David Bishop House, 49 Washington St.—1796
A good place to start your walk is the David Bishop House. This is a rare colonial building, built when George Washington was President. This was probably not the original site for the building. David Bishop made changes, including enlarging the windows and adding dormer windows.
This building was not part of the original restoration project, but has recently been restored. New London landmarks, an organization seeking to protect and restore New London's historic buildings, occupies the lower floor. A complete walking tour guide is available from the New London Landmark Society. Here are some of the highlights...
In 1839, 7 houses were built, 5 by John Bishop between the 15th of January and the 5th of August. These were immediately adjoining Nehemiah Payne's house on the Washington Street side. Built on land bought by Edward Pratt from Jonathan Starr, Jr., Bishop received ownership of the 4 houses nearest Green Street. Called locally "Bishop's row," the five identical houses each have a simple entablature beneath the pediment which faces the street, fan window in the pediment, and a front doorway on the right hand side with lights above.
#25 Edward Pratt House—1839
Mr. Pratt was associated with C. Starr and Co. and wanted his house next door. The house was built by John Bishop in Bishop-Greek Revival style.
#23 John Bishop House—1839
Built by John Bishop, this house is Greek Revival with two front windows reaching to the floor.
#19 Robert Holt House—1839
Built by John Bishop, it varies from his other houses by its entrance with brackets supporting an Italianate hood over the paneled and glass paned door.
#17 Catherine A. Slocum House—1839
Built by John Bishop, it is classic Greek Revival with only a variation to its lower paneled front door with long panes of glass at the top.
#15 Frederick R. Chapman House—1839
Frederick Chapman, a carpenter, bought the house in 1868. This house was built by John Bishop, and is in his typical Greek Revival style.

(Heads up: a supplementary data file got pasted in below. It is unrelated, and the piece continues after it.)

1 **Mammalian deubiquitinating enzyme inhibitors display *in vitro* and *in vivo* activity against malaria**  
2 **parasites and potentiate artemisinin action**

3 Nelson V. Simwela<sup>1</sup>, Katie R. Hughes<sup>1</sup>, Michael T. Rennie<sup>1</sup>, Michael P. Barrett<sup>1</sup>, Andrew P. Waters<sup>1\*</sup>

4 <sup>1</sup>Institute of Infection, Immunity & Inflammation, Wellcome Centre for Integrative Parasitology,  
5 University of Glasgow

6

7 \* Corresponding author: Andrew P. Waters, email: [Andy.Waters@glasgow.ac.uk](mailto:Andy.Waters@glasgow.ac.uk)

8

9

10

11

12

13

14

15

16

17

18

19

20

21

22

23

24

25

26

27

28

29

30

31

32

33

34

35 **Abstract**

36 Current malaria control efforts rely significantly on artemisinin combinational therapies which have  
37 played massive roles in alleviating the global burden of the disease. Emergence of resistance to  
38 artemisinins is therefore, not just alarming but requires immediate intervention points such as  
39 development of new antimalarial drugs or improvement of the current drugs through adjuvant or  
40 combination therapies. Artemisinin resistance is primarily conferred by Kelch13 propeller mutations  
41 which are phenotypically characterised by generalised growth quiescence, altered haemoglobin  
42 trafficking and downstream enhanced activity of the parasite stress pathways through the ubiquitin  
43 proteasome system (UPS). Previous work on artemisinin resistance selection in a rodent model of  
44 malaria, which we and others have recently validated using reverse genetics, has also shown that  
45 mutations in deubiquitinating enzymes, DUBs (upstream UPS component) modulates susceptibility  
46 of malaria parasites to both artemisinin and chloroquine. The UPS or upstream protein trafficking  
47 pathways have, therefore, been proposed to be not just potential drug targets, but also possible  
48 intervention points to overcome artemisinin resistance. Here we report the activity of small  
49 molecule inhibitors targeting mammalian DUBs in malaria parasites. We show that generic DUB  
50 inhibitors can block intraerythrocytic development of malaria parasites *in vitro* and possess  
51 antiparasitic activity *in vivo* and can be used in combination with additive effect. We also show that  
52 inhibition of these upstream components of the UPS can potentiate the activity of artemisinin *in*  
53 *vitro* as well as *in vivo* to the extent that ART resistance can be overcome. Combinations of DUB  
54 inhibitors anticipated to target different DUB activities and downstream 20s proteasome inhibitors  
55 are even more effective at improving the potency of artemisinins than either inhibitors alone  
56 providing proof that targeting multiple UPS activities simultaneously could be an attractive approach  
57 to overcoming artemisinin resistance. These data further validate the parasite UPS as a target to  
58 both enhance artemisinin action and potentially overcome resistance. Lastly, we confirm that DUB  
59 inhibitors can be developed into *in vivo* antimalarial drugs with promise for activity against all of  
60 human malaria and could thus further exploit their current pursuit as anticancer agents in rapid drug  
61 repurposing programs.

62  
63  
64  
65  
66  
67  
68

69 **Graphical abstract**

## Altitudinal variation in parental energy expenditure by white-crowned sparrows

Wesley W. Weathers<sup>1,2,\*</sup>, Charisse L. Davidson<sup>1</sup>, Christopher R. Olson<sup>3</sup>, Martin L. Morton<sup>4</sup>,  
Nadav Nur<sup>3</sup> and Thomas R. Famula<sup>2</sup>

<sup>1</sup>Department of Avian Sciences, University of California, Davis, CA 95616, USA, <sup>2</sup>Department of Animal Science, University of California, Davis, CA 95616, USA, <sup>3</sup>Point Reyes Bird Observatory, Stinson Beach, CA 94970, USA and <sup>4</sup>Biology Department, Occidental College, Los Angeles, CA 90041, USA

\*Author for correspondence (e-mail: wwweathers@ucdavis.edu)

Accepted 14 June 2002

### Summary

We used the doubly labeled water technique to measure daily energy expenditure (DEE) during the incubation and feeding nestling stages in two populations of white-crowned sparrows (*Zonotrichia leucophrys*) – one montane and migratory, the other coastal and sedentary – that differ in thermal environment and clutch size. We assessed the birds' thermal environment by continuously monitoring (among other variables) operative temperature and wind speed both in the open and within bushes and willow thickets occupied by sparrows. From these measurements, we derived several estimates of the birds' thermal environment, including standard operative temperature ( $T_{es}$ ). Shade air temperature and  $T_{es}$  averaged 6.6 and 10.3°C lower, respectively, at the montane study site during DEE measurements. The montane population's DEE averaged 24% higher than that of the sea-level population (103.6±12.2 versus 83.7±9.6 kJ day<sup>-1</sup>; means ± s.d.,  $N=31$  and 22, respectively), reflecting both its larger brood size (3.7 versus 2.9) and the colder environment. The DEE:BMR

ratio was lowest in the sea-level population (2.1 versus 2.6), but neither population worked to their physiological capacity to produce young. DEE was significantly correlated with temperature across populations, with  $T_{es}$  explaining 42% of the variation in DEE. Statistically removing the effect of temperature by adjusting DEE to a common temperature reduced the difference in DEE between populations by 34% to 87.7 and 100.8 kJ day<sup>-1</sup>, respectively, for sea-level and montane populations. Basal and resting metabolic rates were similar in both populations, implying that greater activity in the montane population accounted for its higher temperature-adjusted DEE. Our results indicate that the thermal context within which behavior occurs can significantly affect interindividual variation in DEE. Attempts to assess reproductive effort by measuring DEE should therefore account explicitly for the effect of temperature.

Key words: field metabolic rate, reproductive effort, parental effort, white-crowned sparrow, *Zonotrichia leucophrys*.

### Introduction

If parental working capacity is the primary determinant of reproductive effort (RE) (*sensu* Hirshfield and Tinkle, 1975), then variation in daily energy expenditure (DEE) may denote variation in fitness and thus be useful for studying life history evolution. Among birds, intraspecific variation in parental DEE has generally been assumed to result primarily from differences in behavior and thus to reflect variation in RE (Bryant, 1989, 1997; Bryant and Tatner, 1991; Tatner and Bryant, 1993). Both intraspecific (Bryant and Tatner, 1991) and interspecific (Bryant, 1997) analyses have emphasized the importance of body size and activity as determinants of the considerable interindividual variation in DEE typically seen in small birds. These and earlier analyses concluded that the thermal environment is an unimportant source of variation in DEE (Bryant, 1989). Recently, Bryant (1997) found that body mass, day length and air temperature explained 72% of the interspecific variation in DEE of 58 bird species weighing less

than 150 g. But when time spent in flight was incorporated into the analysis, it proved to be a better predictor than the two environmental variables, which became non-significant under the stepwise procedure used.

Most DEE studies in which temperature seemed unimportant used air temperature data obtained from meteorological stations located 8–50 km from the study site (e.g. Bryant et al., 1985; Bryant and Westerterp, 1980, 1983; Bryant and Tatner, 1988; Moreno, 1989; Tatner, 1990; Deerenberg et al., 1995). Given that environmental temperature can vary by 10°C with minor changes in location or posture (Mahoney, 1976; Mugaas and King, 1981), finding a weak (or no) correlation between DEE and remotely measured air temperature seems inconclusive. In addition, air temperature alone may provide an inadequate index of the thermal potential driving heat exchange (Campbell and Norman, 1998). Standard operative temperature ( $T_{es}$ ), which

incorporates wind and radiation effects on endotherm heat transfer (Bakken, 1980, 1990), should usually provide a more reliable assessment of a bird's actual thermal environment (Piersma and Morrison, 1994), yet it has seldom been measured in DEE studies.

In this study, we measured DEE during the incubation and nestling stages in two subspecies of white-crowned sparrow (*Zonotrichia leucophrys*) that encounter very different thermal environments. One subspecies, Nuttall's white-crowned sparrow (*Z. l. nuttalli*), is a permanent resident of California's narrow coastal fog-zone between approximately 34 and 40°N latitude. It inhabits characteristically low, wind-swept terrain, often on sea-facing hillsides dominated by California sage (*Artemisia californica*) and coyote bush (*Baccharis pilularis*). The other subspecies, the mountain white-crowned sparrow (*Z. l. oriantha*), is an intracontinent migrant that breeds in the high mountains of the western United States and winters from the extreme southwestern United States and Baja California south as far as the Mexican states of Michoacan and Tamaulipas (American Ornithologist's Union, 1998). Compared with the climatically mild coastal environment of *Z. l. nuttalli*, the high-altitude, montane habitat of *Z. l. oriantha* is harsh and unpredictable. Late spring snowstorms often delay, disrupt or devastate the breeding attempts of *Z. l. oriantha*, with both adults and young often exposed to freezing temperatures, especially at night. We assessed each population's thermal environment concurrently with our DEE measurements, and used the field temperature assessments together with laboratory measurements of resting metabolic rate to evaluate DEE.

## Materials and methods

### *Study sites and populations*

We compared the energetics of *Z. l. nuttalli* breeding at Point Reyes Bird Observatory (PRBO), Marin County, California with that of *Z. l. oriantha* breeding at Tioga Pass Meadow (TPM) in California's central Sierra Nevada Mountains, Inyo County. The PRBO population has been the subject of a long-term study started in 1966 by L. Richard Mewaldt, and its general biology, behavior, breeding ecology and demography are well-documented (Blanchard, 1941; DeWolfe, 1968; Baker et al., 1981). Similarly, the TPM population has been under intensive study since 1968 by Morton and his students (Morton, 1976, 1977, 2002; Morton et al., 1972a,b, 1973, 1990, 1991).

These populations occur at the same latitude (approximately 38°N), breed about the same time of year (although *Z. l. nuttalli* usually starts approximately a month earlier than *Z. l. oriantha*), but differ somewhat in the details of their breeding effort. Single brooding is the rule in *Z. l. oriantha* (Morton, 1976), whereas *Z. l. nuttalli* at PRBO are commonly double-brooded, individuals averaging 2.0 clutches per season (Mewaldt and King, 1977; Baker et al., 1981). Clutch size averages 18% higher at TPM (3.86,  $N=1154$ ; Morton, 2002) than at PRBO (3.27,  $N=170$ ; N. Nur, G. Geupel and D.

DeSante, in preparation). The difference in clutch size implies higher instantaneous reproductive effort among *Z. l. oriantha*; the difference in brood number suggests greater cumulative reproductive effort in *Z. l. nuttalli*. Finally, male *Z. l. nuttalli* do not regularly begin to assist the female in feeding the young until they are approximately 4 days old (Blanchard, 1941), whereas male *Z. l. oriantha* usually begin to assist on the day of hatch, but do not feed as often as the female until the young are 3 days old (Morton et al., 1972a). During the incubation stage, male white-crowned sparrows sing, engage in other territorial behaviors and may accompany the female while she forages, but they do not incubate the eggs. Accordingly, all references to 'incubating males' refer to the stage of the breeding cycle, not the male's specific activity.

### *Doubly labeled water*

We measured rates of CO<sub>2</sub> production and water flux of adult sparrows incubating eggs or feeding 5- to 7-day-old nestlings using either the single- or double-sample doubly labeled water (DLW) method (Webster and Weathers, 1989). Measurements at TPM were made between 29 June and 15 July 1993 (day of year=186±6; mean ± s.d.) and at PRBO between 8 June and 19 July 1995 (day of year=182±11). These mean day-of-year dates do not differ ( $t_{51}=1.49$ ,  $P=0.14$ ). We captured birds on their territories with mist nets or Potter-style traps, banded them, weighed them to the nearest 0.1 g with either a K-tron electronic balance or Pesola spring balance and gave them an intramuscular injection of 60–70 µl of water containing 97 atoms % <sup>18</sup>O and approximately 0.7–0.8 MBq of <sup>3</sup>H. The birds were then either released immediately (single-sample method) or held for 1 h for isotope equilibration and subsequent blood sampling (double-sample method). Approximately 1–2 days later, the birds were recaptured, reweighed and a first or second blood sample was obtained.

Chauncey Crocker House (back left) and Nehemiah Payne House (front right)
#26 Chauncey Crocker House—1845
Crocker family members occupied this house for over 68-70 years. The shape is Greek Revival, but there is a double, slightly curved window in the pediment. There is an added small bay over the entrance. The double door in front has a long pane of glass at the top.
Chauncey R. Crocker built this house at 26 Starr Street next to Nehemiah B. Payne's second house on land bought from Jonathan Starr, Jr. on January 2, 1845. Originally, it may have looked much like Elizabeth Lindsley's house first appeared. Crocker may have built both houses, especially since his brother later lived in Elizabeth Lindsley's house.
#28 Nehemiah Payne House—1839
Built by Nehemiah Payne. It is Greek Revival, but at first glance looks Colonial. The house has pilasters on the corners, large paned windows and an Italianate hood held up by brackets over the paneled front door.
The second house built by Payne on Starr Street, it is unique in that its longest side faces the street, like the earlier Federal style. It does exhibit pediments and entablatures on the sides, though, as well as an entablature on the front. It is quite likely that originally all the entablatures were supported by pilasters. Centered in the facade is a narrow doorway with top lights. Immediately inside the doorway is a beautiful curved stairway.
In the years immediately following 1876, a great deal of architectural activity was carried on. Eight of the Greek Revival buildings on the street, including the Nehemiah Payne House, were Italianicized by the addition of Italianate hoods over their front doors, in some cases evidently replacing a Greek Revival portico. Many of the houses replaced window sashes with Italianate style ones with 2 panes over 2, often with rounded tops. Fanlights were altered into rectangular windows, and additions were tacked onto sides or backs of buildings. A nice Italianate bay window was added to the back of 32 Starr Street. Added onto 26 Starr Street (Chauncey Crocker House) was a full length 1st story front porch and an unusual enclosed enclosed Italianate porch over part of the second story.
Information provided by New London Landmarks Inc.'s "Notes on Starr Street" by John M. Plummer. Images by Jackie Bagwell, New London Public Schools.